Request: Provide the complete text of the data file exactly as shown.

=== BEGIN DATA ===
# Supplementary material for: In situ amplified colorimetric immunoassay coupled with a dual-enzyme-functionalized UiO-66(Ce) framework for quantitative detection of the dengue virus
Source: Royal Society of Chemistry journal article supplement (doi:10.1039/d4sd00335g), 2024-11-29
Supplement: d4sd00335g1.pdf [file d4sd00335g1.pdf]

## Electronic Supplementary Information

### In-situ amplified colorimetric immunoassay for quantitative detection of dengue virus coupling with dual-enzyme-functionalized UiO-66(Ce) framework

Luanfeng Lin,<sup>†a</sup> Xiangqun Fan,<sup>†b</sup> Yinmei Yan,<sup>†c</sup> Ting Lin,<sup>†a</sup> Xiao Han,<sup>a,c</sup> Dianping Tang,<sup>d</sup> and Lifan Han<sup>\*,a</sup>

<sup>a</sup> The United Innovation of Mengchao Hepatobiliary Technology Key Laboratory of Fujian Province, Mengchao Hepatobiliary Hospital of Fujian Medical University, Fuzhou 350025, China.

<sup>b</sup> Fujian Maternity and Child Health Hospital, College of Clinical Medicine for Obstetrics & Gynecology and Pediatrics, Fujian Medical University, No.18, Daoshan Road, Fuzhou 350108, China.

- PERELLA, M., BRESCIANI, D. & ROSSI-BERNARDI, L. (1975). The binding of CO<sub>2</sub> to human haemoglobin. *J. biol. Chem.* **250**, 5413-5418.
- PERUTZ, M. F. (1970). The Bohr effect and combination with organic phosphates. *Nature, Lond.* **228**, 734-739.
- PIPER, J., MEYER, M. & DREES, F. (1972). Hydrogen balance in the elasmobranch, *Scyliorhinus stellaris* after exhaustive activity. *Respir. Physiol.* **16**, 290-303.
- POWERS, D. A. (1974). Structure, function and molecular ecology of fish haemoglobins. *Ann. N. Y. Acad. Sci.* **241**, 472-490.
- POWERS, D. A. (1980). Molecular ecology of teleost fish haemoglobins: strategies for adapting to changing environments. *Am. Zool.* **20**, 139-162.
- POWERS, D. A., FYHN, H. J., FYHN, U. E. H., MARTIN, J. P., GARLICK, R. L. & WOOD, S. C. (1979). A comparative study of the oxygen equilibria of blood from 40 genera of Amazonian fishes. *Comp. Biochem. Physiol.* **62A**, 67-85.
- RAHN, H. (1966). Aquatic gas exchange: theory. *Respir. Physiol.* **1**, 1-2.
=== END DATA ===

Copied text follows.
# Supplementary material for: In situ amplified colorimetric immunoassay coupled with a dual-enzyme-functionalized UiO-66(Ce) framework for quantitative detection of the dengue virus
Source: Royal Society of Chemistry journal article supplement (doi:10.1039/d4sd00335g), 2024-11-29
Supplement: d4sd00335g1.pdf [file d4sd00335g1.pdf]

## Electronic Supplementary Information

### In-situ amplified colorimetric immunoassay for quantitative detection of dengue virus coupling with dual-enzyme-functionalized UiO-66(Ce) framework

Luanfeng Lin,<sup>†a</sup> Xiangqun Fan,<sup>†b</sup> Yinmei Yan,<sup>†c</sup> Ting Lin,<sup>†a</sup> Xiao Han,<sup>a,c</sup> Dianping Tang,<sup>d</sup> and Lifan Han<sup>\*,a</sup>

<sup>a</sup> The United Innovation of Mengchao Hepatobiliary Technology Key Laboratory of Fujian Province, Mengchao Hepatobiliary Hospital of Fujian Medical University, Fuzhou 350025, China.

<sup>b</sup> Fujian Maternity and Child Health Hospital, College of Clinical Medicine for Obstetrics & Gynecology and Pediatrics, Fujian Medical University, No.18, Daoshan Road, Fuzhou 350108, China.

- PERELLA, M., BRESCIANI, D. & ROSSI-BERNARDI, L. (1975). The binding of CO<sub>2</sub> to human haemoglobin. *J. biol. Chem.* **250**, 5413-5418.
- PERUTZ, M. F. (1970). The Bohr effect and combination with organic phosphates. *Nature, Lond.* **228**, 734-739.
- PIPER, J., MEYER, M. & DREES, F. (1972). Hydrogen balance in the elasmobranch, *Scyliorhinus stellaris* after exhaustive activity. *Respir. Physiol.* **16**, 290-303.
- POWERS, D. A. (1974). Structure, function and molecular ecology of fish haemoglobins. *Ann. N. Y. Acad. Sci.* **241**, 472-490.
- POWERS, D. A. (1980). Molecular ecology of teleost fish haemoglobins: strategies for adapting to changing environments. *Am. Zool.* **20**, 139-162.
- POWERS, D. A., FYHN, H. J., FYHN, U. E. H., MARTIN, J. P., GARLICK, R. L. & WOOD, S. C. (1979). A comparative study of the oxygen equilibria of blood from 40 genera of Amazonian fishes. *Comp. Biochem. Physiol.* **62A**, 67-85.
- RAHN, H. (1966). Aquatic gas exchange: theory. *Respir. Physiol.* **1**, 1-2.